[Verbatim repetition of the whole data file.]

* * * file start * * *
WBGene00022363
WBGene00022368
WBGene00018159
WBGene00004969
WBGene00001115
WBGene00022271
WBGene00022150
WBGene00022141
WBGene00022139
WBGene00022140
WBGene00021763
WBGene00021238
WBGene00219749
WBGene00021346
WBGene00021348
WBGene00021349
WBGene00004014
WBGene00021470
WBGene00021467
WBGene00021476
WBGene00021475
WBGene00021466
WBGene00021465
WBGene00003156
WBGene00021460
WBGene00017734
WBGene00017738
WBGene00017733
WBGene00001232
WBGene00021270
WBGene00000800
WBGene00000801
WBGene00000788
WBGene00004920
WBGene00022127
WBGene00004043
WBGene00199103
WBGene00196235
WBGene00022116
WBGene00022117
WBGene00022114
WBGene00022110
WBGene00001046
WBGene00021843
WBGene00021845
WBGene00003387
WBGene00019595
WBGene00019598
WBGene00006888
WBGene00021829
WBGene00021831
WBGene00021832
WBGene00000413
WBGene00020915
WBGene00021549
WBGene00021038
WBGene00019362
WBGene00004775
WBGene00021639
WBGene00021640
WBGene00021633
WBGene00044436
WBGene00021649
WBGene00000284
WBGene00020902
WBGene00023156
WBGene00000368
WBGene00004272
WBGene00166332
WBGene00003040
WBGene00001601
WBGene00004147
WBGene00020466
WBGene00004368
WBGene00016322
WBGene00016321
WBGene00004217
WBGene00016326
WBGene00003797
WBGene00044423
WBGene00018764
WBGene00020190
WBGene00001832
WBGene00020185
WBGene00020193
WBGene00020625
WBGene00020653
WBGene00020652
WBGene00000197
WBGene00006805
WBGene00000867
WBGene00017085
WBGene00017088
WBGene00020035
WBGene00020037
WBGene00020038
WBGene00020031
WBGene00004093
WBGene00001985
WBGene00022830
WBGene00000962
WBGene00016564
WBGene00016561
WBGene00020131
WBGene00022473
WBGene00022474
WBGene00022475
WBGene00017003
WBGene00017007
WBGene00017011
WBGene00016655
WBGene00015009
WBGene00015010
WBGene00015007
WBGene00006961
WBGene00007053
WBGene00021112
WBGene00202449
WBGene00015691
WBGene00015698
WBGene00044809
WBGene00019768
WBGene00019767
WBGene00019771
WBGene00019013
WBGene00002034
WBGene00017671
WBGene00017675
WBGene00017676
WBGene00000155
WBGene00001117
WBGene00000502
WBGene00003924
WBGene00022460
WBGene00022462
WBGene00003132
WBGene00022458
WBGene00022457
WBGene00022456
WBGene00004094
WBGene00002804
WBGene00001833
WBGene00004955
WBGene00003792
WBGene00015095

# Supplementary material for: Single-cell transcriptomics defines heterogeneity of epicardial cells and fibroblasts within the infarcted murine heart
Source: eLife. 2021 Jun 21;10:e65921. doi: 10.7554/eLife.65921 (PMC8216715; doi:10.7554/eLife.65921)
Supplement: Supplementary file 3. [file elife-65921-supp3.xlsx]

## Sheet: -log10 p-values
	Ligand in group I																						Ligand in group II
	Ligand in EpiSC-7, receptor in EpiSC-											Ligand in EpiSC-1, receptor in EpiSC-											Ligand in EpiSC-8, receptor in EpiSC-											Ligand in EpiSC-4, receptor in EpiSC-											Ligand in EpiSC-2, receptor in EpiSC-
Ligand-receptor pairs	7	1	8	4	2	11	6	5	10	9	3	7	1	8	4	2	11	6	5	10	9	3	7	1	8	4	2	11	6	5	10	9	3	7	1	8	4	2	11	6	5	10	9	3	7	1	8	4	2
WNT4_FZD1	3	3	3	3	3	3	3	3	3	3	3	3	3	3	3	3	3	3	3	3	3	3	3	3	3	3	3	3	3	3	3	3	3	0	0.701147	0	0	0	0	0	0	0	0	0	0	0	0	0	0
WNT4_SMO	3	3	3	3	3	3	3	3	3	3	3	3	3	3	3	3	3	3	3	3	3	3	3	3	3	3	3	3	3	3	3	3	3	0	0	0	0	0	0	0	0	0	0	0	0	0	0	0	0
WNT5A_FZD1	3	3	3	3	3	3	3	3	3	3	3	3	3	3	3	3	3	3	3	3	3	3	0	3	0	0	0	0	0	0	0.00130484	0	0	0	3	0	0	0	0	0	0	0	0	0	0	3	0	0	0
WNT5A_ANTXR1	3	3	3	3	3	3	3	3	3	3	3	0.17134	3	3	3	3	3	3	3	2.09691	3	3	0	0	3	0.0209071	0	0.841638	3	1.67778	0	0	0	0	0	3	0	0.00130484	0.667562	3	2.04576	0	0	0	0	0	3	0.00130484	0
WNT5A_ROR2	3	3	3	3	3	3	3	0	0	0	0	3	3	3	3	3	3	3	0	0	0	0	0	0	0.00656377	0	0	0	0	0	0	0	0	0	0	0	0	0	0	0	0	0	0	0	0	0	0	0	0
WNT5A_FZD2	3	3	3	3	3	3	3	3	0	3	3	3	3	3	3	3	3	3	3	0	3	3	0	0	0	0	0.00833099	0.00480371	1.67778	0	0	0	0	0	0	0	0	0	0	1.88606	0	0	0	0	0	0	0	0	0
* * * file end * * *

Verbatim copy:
WBGene00022363
WBGene00022368
WBGene00018159
WBGene00004969
WBGene00001115
WBGene00022271
WBGene00022150
WBGene00022141
WBGene00022139
WBGene00022140
WBGene00021763
WBGene00021238
WBGene00219749
WBGene00021346
WBGene00021348
WBGene00021349
WBGene00004014
WBGene00021470
WBGene00021467
WBGene00021476
WBGene00021475
WBGene00021466
WBGene00021465
WBGene00003156
WBGene00021460
WBGene00017734
WBGene00017738
WBGene00017733
WBGene00001232
WBGene00021270
WBGene00000800
WBGene00000801
WBGene00000788
WBGene00004920
WBGene00022127
WBGene00004043
WBGene00199103
WBGene00196235
WBGene00022116
WBGene00022117
WBGene00022114
WBGene00022110
WBGene00001046
WBGene00021843
WBGene00021845
WBGene00003387
WBGene00019595
WBGene00019598
WBGene00006888
WBGene00021829
WBGene00021831
WBGene00021832
WBGene00000413
WBGene00020915
WBGene00021549
WBGene00021038
WBGene00019362
WBGene00004775
WBGene00021639
WBGene00021640
WBGene00021633
WBGene00044436
WBGene00021649
WBGene00000284
WBGene00020902
WBGene00023156
WBGene00000368
WBGene00004272
WBGene00166332
WBGene00003040
WBGene00001601
WBGene00004147
WBGene00020466
WBGene00004368
WBGene00016322
WBGene00016321
WBGene00004217
WBGene00016326
WBGene00003797
WBGene00044423
WBGene00018764
WBGene00020190
WBGene00001832
WBGene00020185
WBGene00020193
WBGene00020625
WBGene00020653
WBGene00020652
WBGene00000197
WBGene00006805
WBGene00000867
WBGene00017085
WBGene00017088
WBGene00020035
WBGene00020037
WBGene00020038
WBGene00020031
WBGene00004093
WBGene00001985
WBGene00022830
WBGene00000962
WBGene00016564
WBGene00016561
WBGene00020131
WBGene00022473
WBGene00022474
WBGene00022475
WBGene00017003
WBGene00017007
WBGene00017011
WBGene00016655
WBGene00015009
WBGene00015010
WBGene00015007
WBGene00006961
WBGene00007053
WBGene00021112
WBGene00202449
WBGene00015691
WBGene00015698
WBGene00044809
WBGene00019768
WBGene00019767
WBGene00019771
WBGene00019013
WBGene00002034
WBGene00017671
WBGene00017675
WBGene00017676
WBGene00000155
WBGene00001117
WBGene00000502
WBGene00003924
WBGene00022460
WBGene00022462
WBGene00003132
WBGene00022458
WBGene00022457
WBGene00022456
WBGene00004094
WBGene00002804
WBGene00001833
WBGene00004955
WBGene00003792
WBGene00015095

# Supplementary material for: Single-cell transcriptomics defines heterogeneity of epicardial cells and fibroblasts within the infarcted murine heart
Source: eLife. 2021 Jun 21;10:e65921. doi: 10.7554/eLife.65921 (PMC8216715; doi:10.7554/eLife.65921)
Supplement: Supplementary file 3. [file elife-65921-supp3.xlsx]

## Sheet: -log10 p-values
	Ligand in group I																						Ligand in group II
	Ligand in EpiSC-7, receptor in EpiSC-											Ligand in EpiSC-1, receptor in EpiSC-											Ligand in EpiSC-8, receptor in EpiSC-											Ligand in EpiSC-4, receptor in EpiSC-											Ligand in EpiSC-2, receptor in EpiSC-
Ligand-receptor pairs	7	1	8	4	2	11	6	5	10	9	3	7	1	8	4	2	11	6	5	10	9	3	7	1	8	4	2	11	6	5	10	9	3	7	1	8	4	2	11	6	5	10	9	3	7	1	8	4	2
WNT4_FZD1	3	3	3	3	3	3	3	3	3	3	3	3	3	3	3	3	3	3	3	3	3	3	3	3	3	3	3	3	3	3	3	3	3	0	0.701147	0	0	0	0	0	0	0	0	0	0	0	0	0	0
WNT4_SMO	3	3	3	3	3	3	3	3	3	3	3	3	3	3	3	3	3	3	3	3	3	3	3	3	3	3	3	3	3	3	3	3	3	0	0	0	0	0	0	0	0	0	0	0	0	0	0	0	0
WNT5A_FZD1	3	3	3	3	3	3	3	3	3	3	3	3	3	3	3	3	3	3	3	3	3	3	0	3	0	0	0	0	0	0	0.00130484	0	0	0	3	0	0	0	0	0	0	0	0	0	0	3	0	0	0
WNT5A_ANTXR1	3	3	3	3	3	3	3	3	3	3	3	0.17134	3	3	3	3	3	3	3	2.09691	3	3	0	0	3	0.0209071	0	0.841638	3	1.67778	0	0	0	0	0	3	0	0.00130484	0.667562	3	2.04576	0	0	0	0	0	3	0.00130484	0
WNT5A_ROR2	3	3	3	3	3	3	3	0	0	0	0	3	3	3	3	3	3	3	0	0	0	0	0	0	0.00656377	0	0	0	0	0	0	0	0	0	0	0	0	0	0	0	0	0	0	0	0	0	0	0	0
WNT5A_FZD2	3	3	3	3	3	3	3	3	0	3	3	3	3	3	3	3	3	3	3	0	3	3	0	0	0	0	0.00833099	0.00480371	1.67778	0	0	0	0	0	0	0	0	0	0	1.88606	0	0	0	0	0	0	0	0	0